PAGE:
"Scoring That Perfect Monologue"
(Crafting the Perfect Monologue, Part 1 of 3)
Now there are several aspects to an actors training, not all of which have a lot to do with acting. What? Say that again? Yes, I did say that and it's true. Sure, a big part of it has to do with learning the craft of acting, no doubt, but there's also the business of acting. Some of that has to do with agents, contracts, understanding how things work at HBO/Showtime or navigating the Labyrinth of Broadway. However, before you get to those lofty places, you need to master the skillset of "getting the job" and what those things entail. You need to become adept at the Go-See, the Callback, the Cold Reading and most importantly, you must master the Art of the Monologue.
Periodically I'll meet young actors who don't have any experience with monologues, don't have any in their back pocket and are even under the impression they don't need them to pursue professional work. To these young actors I say, "Nothing could be further from the truth." For the fact is that monologues are an essential part of any actor's portfolio, because they are expected of you by many, if not most, of the people in a position to hire you. Agents are especially keen on monologues, because it gives them a lot of information about an actor in only a couple of minutes. They see how you read, how you come across, how you handle dialogue, your casting, how you take direction and how you conduct yourself under pressure. Now this is only an agent's take on the subject and monologues do a lot more, depending on who else is in the room watching you.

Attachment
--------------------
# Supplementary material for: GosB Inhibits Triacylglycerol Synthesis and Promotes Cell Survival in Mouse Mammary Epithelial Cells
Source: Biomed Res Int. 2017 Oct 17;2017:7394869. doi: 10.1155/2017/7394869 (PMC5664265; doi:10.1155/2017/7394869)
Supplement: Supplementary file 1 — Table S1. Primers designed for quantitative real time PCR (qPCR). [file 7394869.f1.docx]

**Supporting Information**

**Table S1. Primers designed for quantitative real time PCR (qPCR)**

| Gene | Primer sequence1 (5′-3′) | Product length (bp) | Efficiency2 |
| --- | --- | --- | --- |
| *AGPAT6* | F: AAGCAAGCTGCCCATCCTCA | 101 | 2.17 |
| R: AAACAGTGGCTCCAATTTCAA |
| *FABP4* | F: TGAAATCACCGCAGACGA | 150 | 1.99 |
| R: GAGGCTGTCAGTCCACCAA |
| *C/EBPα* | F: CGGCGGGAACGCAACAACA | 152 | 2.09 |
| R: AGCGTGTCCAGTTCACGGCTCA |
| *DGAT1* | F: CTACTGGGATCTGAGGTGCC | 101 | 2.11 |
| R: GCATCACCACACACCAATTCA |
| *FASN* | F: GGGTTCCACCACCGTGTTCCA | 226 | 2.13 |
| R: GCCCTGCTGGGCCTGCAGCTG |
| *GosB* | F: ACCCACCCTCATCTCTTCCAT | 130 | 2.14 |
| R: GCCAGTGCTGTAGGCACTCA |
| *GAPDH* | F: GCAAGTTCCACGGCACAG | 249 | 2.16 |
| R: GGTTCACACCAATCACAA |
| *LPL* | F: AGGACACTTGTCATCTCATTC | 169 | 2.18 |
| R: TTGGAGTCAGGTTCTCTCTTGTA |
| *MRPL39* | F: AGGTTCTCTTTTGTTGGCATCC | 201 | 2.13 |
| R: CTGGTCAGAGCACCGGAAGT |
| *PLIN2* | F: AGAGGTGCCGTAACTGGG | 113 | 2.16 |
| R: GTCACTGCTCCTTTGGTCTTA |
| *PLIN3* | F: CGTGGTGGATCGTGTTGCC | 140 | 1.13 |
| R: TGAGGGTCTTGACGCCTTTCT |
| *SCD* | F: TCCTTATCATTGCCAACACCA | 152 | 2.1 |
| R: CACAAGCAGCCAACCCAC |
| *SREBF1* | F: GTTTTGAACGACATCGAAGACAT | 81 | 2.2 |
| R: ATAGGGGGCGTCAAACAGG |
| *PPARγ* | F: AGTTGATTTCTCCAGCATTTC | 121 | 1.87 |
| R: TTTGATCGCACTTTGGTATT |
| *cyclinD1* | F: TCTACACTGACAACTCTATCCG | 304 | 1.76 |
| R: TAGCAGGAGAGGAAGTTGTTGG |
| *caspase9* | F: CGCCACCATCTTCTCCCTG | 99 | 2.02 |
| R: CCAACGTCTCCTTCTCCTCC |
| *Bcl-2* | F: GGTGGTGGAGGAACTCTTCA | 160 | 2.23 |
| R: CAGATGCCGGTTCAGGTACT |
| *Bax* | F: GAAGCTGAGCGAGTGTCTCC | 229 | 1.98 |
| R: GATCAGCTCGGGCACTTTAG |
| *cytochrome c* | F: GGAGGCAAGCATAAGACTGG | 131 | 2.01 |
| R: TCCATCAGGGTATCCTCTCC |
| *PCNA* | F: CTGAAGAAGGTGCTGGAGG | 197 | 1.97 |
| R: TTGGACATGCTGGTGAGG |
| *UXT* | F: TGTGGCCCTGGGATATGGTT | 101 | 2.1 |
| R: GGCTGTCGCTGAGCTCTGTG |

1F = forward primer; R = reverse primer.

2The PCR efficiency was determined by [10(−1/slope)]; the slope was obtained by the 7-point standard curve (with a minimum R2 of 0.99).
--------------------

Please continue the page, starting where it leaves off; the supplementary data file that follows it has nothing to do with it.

Producers are fond of monologues as well, sometimes directors too, that often depends on what they're looking for and sometimes they don't even know themselves. I've sat in on hundreds of casting sessions and the word "No" gets said very quickly when actors walk into the room. Not because producers are trying to be negative or mean, but it's relatively easy to tell when when an actor isn't right for something. Finding the right someone is always much harder, it really can be like looking for a needle in a haystack. But when an actor walks in and hits them with a great monologue, well, you may not get the part but you'll be remembered for other stuff. Trust me, that happens a lot and there's always other projects (and parts) down the road.